+really understand why nrpacks works, I found it by googling (see the
+links section, below).
+2. Install fxload and alsa-tools from
+# sbopkg -i fxload alsa-tools
+If you prefer, you can download the SlackBuild tarballs and build them
+manually, instead of using sbopkg.
+If you're not actually using Slackware, or if you decide to compile
+alsa-tools without using the package, see the "Udev Rules"
+section of this document.
+3. Plug in the device.
+After a couple of seconds, the green USB light on the Tascam should light
+up. The snd_usb_usx2y should be auto-loaded by udev (check the output of
+4. Testing
+Have a look at the output of "aplay -l", and/or run alsamixer and press
+F6. The card should show up as "USX2Y [TASCAM US-X2Y]". It will probably
+be device #1 (the numbering starts at zero, and your internal/onboard
+audio normally shows up as device #0).
+# aplay -l
+**** List of PLAYBACK Hardware Devices ****
+card 0: Intel [HDA Intel], device 0: ALC269 Analog [ALC269 Analog]
+ Subdevices: 1/1
+ Subdevice #0: subdevice #0
+card 1: USX2Y [TASCAM US-X2Y], device 0: US-X2Y Audio [US-X2Y Audio #0]
+ Subdevices: 1/1
+ Subdevice #0: subdevice #0
+Since it's card #1, we should be able to use it to play an mp3 or ogg file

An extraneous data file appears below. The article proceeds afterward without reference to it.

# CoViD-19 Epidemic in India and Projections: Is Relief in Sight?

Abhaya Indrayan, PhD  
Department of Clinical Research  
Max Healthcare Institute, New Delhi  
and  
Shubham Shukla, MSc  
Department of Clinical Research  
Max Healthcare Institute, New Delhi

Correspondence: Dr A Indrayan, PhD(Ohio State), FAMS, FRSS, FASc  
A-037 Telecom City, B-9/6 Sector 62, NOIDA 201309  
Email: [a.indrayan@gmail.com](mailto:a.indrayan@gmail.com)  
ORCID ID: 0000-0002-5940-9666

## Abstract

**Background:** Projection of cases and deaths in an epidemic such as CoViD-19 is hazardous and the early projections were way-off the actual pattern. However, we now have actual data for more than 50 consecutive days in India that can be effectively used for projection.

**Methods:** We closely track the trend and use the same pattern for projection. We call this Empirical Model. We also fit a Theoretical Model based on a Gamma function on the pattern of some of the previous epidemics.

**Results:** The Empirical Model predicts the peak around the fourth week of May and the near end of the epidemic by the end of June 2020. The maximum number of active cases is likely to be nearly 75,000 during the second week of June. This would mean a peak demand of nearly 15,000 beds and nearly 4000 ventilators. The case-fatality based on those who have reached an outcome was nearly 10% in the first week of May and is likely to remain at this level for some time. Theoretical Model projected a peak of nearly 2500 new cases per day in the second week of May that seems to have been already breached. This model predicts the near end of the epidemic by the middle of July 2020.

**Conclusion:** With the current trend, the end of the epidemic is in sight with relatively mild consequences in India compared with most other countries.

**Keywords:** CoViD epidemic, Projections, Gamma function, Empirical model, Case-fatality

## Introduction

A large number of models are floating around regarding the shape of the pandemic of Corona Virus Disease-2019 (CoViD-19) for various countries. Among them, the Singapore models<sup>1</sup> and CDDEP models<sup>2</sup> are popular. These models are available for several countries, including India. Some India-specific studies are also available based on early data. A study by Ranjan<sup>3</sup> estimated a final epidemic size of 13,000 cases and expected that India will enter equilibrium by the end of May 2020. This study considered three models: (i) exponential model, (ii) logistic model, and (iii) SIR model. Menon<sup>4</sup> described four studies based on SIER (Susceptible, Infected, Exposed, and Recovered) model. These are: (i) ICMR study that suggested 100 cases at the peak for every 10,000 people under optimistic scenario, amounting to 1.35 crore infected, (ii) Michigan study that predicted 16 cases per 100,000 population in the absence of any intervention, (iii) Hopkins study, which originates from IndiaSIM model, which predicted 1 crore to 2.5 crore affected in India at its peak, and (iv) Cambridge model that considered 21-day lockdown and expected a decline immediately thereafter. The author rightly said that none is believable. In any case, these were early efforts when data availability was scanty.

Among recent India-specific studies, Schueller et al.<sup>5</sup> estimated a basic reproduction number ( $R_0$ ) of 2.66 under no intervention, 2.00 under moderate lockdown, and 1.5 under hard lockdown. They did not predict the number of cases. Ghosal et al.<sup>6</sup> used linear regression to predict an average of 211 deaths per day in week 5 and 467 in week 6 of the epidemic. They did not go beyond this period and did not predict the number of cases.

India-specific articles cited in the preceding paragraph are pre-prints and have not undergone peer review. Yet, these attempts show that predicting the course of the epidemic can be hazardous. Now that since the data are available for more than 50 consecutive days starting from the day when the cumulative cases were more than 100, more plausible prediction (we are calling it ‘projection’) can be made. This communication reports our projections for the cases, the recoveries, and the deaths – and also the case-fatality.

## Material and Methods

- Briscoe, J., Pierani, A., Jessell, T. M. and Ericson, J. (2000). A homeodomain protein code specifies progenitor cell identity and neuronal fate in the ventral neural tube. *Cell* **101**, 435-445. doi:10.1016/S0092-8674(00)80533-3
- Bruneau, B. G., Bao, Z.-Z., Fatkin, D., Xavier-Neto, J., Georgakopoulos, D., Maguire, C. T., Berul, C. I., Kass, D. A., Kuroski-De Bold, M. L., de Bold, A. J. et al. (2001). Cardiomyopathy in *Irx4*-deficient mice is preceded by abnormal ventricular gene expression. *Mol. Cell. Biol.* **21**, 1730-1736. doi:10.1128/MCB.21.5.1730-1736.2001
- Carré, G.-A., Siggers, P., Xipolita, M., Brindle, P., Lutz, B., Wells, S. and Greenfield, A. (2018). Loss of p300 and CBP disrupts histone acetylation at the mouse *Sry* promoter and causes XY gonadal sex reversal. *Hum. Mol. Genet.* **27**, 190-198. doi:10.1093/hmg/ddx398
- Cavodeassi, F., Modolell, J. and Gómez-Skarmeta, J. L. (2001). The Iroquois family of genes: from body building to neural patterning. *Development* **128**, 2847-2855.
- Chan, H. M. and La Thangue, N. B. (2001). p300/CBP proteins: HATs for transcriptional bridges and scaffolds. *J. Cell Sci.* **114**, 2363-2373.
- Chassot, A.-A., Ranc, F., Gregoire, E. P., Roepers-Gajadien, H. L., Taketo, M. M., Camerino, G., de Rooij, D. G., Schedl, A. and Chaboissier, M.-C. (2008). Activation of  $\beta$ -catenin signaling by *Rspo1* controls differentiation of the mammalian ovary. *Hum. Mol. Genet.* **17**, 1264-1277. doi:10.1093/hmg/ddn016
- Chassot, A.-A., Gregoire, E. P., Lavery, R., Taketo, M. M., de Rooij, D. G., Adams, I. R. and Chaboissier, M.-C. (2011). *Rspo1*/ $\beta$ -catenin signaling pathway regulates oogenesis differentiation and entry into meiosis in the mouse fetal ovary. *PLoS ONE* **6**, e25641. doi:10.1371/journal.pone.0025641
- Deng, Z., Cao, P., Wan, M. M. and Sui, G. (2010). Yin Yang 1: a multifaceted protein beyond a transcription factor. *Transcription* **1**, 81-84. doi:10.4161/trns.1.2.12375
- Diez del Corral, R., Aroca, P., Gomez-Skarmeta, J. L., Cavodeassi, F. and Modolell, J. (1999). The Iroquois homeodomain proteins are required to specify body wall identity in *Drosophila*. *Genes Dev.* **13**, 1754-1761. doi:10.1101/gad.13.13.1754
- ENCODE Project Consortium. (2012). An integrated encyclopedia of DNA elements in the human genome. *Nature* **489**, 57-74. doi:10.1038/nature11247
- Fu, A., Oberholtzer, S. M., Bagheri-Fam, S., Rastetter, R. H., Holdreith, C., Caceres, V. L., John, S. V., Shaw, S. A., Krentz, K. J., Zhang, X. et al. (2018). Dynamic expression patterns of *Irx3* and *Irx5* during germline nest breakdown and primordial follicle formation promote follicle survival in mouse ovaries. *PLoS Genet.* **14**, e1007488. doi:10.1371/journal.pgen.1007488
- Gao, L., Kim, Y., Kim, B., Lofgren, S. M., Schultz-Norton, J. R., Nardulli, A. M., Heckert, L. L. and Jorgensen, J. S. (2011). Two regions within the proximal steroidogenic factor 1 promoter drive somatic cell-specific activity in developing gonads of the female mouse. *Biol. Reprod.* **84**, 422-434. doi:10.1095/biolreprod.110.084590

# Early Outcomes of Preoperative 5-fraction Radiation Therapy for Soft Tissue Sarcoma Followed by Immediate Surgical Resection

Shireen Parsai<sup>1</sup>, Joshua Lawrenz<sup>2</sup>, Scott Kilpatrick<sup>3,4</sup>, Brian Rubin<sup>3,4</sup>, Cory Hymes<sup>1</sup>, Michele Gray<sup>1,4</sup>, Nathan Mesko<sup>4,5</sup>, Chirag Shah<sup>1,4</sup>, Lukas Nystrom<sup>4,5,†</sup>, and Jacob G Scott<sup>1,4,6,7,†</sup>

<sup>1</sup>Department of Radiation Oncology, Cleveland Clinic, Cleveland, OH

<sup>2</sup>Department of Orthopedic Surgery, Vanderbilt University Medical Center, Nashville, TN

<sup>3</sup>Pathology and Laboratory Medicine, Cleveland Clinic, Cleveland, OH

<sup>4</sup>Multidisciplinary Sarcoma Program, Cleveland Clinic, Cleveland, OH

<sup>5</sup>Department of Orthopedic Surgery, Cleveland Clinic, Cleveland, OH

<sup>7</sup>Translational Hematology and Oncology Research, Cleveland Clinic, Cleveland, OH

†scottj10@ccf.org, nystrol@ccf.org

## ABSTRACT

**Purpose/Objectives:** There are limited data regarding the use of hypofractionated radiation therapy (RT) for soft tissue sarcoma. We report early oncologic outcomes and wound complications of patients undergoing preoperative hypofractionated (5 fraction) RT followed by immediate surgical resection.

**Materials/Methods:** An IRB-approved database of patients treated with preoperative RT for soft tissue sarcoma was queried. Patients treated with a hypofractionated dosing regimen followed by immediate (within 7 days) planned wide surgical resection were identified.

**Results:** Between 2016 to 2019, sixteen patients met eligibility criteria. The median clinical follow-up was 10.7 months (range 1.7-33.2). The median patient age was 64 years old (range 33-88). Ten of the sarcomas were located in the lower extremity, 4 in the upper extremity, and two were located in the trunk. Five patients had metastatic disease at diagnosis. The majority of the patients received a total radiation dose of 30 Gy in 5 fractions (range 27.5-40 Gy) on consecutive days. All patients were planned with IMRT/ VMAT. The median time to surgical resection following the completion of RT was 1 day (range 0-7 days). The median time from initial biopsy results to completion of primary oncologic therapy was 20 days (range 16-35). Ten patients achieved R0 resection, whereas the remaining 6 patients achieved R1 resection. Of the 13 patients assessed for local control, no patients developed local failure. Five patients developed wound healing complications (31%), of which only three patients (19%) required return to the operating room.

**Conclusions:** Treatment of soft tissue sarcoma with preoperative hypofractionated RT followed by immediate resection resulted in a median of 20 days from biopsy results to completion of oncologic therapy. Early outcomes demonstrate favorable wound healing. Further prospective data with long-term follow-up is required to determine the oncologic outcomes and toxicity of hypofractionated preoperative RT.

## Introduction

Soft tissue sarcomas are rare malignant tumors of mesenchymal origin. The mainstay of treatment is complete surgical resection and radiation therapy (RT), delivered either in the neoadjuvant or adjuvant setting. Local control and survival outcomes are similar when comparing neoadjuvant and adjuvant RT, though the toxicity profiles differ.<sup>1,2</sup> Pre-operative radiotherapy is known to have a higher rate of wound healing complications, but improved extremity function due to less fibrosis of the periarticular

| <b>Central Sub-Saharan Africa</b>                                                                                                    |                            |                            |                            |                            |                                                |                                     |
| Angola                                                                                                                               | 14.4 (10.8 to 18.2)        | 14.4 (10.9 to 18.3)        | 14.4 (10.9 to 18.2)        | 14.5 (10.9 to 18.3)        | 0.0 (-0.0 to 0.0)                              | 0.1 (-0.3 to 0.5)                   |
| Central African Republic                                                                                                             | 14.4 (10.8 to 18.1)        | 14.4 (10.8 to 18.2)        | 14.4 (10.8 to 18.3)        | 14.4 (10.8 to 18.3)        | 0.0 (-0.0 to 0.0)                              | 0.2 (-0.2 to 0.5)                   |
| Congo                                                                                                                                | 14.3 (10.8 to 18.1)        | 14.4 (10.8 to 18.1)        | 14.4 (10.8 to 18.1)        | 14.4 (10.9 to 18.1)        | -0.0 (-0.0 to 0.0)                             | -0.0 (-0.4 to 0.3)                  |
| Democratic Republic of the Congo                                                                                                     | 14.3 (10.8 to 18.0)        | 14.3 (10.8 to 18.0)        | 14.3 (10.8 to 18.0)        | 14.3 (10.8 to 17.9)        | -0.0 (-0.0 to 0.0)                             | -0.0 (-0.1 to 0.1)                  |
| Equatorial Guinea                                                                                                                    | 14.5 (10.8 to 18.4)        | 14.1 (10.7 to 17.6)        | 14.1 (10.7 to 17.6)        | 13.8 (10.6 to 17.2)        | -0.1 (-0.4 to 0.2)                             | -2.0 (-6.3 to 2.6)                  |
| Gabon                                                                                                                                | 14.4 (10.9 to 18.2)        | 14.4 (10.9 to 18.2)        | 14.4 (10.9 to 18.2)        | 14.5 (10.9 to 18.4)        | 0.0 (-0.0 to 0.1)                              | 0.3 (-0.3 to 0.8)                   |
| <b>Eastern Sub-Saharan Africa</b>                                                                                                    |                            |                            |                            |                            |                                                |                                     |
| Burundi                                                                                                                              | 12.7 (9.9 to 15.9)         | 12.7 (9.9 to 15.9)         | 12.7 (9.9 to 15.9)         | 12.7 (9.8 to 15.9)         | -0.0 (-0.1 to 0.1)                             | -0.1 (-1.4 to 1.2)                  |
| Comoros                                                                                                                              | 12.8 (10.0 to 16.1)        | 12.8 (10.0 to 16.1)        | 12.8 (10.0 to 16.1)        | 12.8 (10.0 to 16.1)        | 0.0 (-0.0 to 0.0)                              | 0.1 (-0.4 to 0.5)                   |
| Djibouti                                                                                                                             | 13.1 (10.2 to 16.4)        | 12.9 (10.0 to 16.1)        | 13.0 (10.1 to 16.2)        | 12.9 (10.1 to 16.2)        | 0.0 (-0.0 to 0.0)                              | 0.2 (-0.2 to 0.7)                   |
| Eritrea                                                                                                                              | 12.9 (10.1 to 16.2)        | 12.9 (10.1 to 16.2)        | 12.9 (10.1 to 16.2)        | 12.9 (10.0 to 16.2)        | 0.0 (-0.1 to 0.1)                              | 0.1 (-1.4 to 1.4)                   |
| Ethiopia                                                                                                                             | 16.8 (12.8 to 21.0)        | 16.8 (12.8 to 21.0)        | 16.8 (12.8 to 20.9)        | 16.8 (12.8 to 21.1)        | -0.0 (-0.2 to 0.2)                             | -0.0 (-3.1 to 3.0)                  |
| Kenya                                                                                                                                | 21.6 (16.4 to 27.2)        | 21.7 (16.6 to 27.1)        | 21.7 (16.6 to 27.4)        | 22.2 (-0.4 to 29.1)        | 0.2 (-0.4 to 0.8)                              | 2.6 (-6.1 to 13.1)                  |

+with mplayer, like so:
+# mplayer -ao alsa:device=hw=1 somesong.mp3
+You can use some other audio player, if you don't have mplayer installed.
+Whatever you use, set its audio device to "hw:1" (no, the "device=hw=1"
+above isn't a typo, it's how you tell mplayer to use "hw:1". Really.)
+Obviously you need speakers or headphones plugged into the Tascam, to
+actually hear anything. Also, the headphone and main volumes have to be
+turned up. There's no software volume control (you can't use alsamixer
+or KDE's volume control), you'll have to actually turn the knobs :)
+If you don't hear any audio, and/or mplayer (or whatever audio playing
+app) gives error messages and/or freezes up, the Tascam might not be
+getting enough power. Run "dmesg|tail" and look for messages like:
+[623530.547384] Sequence Error!(hcd_frame=226 ep=10out;wait=226,frame=223).
+[623530.547386] Most propably some urb of usb-frame 226 is still missing.
+[623530.547387] Cause could be too long delays in usb-hcd interrupt handling.
+Try a different powered USB hub, or try it in a USB port on the PC itself.
+Once you get everything working, you should be able to use the US-122
+with jack (with or without qjackctl). Make sure to enable the MIDI ports
+(-Xseq on the jackd command line) if you plan to use them.
+(Apparently, the US-428 requires a daemon called us428control to be
+running, to get the MIDI controls to work. I haven't got a US-428 so I
+don't know anything about this)